Monday, October 8, 2007

Basic Immunology

This case idea is contributed by Alex Penn. It is really cool.

As an immunology expert, you are consulted on a two day old boy with a known mutation in the common gamma chain cytokine receptor polypeptide. The boy has been kept in sterile isolation in the hospital after a normal uncomplicated vaginal birth. He presents with weeping and scaling erythroderma. The neonatalogist notes that he has malabsorption and hypoalbuminemia. The team rules out any infectious cause because of the sterile isolation.

Challenge: What is going on here?

Related Questions:
1. What is the significance of the mutation?
2. Why is this more likely to happen in boys rather than girls?

1 comment:

Craig said...

Basic Immunology

The mutation in the common gamma chain is found in X-linked SCID, which also explains why boys are more affected than girls. This gamma c chain is required for functional IL-2, IL-4, IL-7, IL-9, IL-15, and IL-21 receptors. A deficiency leads to severe combined immunodeficiency, a loss of both arms of the adaptive immune system. It is severe and can lead to recurrent infections.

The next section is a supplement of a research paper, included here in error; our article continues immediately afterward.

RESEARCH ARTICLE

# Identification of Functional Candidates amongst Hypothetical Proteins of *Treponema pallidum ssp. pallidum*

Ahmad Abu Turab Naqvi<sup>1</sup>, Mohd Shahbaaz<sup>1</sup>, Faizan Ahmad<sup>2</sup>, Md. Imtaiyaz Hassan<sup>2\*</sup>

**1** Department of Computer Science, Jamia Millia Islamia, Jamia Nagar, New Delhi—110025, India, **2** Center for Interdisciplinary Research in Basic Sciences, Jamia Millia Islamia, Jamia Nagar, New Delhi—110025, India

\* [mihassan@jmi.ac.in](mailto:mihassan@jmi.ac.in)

One unusual and fascinating clinical presentation of SCID is graft versus host disease due to maternal chimerism. Maternal T lymphocytes are engrafted into the neonate transplacentally during the perinatal period. The neonate lacks alloreactive T lymphocytes to eliminate the maternal T cells (the neonate of course has inherited only half of the maternal genes). The maternal T cells then mount a graft versus host disease on the neonate.

Source: Alex Penn, Somatic Gene Therapy by Patricia Chang through Google Books, Wikipedia.